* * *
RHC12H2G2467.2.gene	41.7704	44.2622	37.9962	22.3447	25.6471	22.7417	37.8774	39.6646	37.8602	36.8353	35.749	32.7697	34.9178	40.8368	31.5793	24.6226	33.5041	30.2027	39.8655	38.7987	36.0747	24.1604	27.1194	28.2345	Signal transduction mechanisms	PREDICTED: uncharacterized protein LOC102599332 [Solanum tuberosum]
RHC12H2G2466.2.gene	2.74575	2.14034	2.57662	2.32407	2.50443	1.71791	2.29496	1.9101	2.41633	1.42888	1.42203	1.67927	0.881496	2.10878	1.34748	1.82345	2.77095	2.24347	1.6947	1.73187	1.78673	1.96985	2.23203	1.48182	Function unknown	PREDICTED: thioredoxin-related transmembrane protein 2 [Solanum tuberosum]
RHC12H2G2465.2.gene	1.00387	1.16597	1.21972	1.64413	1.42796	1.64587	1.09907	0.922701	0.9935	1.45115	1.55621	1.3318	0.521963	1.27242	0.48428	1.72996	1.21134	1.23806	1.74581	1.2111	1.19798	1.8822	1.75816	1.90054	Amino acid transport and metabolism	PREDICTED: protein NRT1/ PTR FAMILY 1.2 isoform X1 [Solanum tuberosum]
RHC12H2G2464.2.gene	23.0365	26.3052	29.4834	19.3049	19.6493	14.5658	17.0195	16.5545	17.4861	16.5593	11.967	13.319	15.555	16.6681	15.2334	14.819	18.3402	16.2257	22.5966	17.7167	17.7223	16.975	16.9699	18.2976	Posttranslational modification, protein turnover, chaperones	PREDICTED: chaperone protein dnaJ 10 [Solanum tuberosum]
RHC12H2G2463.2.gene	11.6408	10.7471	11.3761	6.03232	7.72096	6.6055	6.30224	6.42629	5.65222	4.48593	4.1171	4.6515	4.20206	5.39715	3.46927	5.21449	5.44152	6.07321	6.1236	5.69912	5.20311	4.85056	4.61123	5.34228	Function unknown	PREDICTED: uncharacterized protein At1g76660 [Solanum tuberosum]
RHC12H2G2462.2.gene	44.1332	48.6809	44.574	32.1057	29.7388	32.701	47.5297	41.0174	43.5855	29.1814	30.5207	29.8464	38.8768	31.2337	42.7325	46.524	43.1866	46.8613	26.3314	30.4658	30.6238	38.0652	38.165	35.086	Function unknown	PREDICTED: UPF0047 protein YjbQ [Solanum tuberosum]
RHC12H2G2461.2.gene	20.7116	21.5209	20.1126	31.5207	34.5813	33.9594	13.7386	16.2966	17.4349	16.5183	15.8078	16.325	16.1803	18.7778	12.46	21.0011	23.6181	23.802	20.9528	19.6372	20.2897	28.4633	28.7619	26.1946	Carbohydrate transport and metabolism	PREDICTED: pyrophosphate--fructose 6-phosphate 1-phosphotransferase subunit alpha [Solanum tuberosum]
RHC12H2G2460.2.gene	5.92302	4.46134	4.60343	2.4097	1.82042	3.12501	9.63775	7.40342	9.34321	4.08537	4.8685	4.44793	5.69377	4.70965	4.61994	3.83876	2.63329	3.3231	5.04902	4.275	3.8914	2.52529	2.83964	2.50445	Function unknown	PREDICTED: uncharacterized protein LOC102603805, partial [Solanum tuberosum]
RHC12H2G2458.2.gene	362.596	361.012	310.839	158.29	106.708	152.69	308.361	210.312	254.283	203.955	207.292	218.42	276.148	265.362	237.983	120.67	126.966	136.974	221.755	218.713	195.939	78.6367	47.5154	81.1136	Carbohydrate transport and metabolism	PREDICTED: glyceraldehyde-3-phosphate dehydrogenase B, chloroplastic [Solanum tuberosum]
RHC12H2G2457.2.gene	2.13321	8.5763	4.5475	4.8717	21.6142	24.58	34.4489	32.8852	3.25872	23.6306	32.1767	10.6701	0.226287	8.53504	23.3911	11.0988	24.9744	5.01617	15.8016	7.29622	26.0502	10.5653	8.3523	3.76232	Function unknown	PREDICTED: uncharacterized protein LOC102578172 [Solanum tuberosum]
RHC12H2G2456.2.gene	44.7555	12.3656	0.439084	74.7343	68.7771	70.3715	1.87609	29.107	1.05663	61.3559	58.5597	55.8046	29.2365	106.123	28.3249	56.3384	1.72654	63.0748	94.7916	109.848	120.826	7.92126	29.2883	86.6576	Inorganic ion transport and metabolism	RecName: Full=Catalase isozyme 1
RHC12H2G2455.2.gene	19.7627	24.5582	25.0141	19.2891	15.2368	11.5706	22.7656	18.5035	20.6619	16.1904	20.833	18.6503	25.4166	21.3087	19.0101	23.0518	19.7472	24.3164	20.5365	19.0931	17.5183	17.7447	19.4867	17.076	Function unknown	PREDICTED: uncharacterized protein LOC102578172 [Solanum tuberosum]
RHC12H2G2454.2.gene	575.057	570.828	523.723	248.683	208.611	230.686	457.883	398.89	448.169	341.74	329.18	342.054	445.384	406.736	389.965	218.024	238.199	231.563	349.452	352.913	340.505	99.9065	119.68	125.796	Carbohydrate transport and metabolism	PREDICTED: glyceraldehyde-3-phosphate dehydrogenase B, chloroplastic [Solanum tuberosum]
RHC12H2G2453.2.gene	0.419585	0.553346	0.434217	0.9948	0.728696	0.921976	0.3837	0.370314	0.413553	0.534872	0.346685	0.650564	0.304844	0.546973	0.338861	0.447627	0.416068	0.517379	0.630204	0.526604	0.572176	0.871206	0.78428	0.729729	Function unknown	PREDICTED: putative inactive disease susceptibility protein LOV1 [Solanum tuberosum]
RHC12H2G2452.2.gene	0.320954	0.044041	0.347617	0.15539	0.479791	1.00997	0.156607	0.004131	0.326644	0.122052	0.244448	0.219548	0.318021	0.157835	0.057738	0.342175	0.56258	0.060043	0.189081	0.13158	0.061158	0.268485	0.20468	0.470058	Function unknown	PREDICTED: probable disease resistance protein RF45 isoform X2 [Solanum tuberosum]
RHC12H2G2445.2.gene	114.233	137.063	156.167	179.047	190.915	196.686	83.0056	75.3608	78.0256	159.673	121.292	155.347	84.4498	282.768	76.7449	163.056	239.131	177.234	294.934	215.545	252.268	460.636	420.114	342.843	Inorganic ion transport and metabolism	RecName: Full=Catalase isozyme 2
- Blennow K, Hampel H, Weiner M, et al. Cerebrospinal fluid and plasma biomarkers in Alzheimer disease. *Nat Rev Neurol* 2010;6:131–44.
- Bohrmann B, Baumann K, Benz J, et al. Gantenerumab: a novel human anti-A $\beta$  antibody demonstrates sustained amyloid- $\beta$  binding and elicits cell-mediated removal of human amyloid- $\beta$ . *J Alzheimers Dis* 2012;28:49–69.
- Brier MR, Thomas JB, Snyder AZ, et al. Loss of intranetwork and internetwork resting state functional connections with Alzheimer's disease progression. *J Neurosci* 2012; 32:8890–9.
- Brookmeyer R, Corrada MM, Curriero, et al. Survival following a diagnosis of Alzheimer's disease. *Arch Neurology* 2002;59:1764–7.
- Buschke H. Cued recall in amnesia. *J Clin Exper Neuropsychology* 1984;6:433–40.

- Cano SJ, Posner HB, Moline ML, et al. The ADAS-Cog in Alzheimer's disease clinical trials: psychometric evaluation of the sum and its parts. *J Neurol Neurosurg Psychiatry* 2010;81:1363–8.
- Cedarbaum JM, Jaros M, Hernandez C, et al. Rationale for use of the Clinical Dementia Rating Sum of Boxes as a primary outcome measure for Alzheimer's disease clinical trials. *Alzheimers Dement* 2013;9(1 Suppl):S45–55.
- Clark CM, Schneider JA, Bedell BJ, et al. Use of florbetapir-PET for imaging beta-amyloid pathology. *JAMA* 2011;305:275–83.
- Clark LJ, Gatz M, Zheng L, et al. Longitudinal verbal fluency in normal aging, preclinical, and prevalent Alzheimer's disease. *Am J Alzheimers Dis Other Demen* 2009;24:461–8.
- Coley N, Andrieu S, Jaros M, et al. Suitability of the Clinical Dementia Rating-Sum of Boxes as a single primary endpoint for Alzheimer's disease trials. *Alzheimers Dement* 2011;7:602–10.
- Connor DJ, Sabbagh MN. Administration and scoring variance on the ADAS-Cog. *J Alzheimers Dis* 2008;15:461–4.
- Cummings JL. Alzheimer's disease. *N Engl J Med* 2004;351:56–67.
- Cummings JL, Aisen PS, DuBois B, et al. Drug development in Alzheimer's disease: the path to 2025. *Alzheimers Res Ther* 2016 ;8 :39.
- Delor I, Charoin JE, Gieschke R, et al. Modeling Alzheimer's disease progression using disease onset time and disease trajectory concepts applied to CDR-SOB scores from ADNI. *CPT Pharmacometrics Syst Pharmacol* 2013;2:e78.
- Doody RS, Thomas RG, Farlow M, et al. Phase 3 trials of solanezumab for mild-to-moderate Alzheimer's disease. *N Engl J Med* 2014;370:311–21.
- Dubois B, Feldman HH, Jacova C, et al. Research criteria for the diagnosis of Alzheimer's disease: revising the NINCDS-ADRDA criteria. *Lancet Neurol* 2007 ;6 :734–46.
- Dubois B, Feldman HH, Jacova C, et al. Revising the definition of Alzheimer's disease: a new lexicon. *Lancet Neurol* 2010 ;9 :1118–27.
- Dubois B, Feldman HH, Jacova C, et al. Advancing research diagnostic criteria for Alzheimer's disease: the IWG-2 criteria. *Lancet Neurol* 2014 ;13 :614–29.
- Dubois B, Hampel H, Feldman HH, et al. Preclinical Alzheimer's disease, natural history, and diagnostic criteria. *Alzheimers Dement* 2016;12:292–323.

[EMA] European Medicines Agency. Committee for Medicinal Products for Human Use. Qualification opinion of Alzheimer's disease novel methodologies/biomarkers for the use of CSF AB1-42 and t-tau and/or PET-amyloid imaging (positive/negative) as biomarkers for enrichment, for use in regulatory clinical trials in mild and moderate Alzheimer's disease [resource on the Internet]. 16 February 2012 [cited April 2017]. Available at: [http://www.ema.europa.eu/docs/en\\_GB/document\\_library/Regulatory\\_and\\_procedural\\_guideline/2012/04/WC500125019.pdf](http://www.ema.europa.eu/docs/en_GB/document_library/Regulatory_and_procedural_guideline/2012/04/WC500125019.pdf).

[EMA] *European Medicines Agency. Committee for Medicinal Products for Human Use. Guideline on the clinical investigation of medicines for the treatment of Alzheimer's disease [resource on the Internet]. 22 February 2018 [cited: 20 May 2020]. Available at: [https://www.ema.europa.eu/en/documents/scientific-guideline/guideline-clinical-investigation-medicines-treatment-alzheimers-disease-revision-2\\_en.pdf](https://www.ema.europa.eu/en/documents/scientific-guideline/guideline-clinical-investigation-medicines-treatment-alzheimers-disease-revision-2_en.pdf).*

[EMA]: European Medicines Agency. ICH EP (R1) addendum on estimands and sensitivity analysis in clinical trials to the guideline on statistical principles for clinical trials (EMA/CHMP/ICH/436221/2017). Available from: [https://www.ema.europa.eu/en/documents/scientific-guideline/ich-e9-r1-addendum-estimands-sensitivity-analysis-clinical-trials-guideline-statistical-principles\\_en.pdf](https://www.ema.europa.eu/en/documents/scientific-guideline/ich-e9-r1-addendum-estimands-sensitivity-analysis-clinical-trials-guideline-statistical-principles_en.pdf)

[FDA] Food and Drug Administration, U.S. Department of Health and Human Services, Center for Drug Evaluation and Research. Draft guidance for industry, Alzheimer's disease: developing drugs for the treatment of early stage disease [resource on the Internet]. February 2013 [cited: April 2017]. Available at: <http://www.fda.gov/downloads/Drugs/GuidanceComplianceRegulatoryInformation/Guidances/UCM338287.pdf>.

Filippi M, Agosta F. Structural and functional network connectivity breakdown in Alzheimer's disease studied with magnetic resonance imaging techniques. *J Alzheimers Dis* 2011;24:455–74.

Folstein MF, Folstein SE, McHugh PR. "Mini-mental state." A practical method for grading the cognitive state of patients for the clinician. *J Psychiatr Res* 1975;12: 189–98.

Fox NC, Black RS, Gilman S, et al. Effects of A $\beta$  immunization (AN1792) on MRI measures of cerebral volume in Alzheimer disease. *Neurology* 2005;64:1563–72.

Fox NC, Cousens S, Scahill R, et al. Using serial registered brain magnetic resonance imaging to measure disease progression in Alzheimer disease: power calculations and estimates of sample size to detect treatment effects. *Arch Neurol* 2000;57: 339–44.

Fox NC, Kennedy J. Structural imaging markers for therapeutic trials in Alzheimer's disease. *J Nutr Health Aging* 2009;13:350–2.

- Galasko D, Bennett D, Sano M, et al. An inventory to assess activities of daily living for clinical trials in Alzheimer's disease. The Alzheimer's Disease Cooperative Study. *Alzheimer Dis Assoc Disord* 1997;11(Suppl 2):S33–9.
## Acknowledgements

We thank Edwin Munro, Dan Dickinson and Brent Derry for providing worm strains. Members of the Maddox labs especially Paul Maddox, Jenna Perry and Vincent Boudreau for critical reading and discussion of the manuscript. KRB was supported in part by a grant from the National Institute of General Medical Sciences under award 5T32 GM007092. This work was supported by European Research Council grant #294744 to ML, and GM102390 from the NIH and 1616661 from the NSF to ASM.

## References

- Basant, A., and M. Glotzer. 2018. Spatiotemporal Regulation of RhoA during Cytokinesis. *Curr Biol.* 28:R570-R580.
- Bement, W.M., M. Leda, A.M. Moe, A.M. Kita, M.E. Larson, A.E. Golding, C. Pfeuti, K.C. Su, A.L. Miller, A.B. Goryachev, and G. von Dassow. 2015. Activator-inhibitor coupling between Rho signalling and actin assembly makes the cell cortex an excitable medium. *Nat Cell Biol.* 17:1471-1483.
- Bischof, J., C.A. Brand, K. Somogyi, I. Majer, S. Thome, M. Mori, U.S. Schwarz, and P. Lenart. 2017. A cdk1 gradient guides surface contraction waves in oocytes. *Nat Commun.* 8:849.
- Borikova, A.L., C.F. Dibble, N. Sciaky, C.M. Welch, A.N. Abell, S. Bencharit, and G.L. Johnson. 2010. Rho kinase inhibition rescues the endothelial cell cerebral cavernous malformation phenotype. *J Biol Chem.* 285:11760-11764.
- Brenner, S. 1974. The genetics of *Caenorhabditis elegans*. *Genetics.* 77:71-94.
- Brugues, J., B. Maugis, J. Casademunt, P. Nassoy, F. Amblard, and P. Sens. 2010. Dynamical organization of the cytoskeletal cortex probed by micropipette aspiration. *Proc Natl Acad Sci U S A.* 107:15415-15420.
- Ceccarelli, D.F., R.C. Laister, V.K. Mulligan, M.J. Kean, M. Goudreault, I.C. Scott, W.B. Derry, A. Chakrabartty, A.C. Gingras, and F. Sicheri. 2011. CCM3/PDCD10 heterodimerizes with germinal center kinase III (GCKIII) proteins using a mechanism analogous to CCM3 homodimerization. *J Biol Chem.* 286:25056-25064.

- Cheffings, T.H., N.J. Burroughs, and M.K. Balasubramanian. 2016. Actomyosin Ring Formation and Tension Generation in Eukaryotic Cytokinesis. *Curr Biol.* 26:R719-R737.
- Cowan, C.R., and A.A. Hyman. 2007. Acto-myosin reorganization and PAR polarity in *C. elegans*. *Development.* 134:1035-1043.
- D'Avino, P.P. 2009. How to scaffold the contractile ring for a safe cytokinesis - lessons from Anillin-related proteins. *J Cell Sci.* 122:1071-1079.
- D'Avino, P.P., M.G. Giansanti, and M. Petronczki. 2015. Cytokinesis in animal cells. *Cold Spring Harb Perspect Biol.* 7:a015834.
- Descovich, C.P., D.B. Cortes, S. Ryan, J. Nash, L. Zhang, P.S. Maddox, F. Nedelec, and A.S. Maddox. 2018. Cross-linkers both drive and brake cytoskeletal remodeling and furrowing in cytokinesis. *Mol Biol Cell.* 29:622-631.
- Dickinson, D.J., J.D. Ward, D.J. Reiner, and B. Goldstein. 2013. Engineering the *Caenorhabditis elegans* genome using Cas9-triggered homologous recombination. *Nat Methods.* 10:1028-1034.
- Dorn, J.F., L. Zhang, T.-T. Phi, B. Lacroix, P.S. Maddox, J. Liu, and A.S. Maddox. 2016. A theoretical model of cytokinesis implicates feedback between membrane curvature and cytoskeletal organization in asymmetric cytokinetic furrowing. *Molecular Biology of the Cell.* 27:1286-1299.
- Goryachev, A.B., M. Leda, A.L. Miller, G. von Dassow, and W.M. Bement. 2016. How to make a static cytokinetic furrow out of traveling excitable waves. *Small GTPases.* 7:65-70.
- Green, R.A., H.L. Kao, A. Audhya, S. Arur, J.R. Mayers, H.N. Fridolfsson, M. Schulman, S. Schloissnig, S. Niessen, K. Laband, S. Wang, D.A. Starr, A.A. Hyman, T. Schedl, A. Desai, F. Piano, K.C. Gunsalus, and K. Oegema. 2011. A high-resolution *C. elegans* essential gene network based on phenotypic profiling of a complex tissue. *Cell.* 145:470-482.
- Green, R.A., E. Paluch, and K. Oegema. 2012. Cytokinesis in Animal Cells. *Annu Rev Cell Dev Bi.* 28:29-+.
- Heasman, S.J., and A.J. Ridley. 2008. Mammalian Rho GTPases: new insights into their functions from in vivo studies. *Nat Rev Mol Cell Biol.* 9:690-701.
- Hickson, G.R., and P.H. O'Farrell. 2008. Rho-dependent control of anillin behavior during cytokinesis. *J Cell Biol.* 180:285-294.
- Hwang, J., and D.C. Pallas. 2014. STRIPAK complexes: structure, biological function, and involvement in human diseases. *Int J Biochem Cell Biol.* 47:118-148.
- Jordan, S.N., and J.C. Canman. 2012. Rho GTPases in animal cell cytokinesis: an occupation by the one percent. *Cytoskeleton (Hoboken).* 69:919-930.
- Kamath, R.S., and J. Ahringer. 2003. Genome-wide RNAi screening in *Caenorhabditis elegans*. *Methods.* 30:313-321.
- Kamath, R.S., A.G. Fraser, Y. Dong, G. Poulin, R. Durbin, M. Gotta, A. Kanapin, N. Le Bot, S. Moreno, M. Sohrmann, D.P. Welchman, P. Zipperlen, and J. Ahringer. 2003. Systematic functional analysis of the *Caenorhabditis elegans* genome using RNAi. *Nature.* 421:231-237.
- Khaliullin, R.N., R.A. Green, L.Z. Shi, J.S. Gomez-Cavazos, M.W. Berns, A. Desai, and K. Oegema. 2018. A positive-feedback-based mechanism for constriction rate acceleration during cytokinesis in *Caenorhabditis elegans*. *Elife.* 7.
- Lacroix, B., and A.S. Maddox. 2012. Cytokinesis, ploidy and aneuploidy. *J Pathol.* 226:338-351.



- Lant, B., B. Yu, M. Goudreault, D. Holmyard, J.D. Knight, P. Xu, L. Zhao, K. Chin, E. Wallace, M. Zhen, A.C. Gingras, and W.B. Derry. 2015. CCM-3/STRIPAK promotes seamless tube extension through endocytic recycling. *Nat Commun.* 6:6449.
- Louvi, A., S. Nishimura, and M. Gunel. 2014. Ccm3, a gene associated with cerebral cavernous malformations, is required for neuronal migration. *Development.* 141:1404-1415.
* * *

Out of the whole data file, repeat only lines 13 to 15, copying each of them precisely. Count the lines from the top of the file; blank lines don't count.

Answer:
RHC12H2G2454.2.gene	575.057	570.828	523.723	248.683	208.611	230.686	457.883	398.89	448.169	341.74	329.18	342.054	445.384	406.736	389.965	218.024	238.199	231.563	349.452	352.913	340.505	99.9065	119.68	125.796	Carbohydrate transport and metabolism	PREDICTED: glyceraldehyde-3-phosphate dehydrogenase B, chloroplastic [Solanum tuberosum]
RHC12H2G2453.2.gene	0.419585	0.553346	0.434217	0.9948	0.728696	0.921976	0.3837	0.370314	0.413553	0.534872	0.346685	0.650564	0.304844	0.546973	0.338861	0.447627	0.416068	0.517379	0.630204	0.526604	0.572176	0.871206	0.78428	0.729729	Function unknown	PREDICTED: putative inactive disease susceptibility protein LOV1 [Solanum tuberosum]
RHC12H2G2452.2.gene	0.320954	0.044041	0.347617	0.15539	0.479791	1.00997	0.156607	0.004131	0.326644	0.122052	0.244448	0.219548	0.318021	0.157835	0.057738	0.342175	0.56258	0.060043	0.189081	0.13158	0.061158	0.268485	0.20468	0.470058	Function unknown	PREDICTED: probable disease resistance protein RF45 isoform X2 [Solanum tuberosum]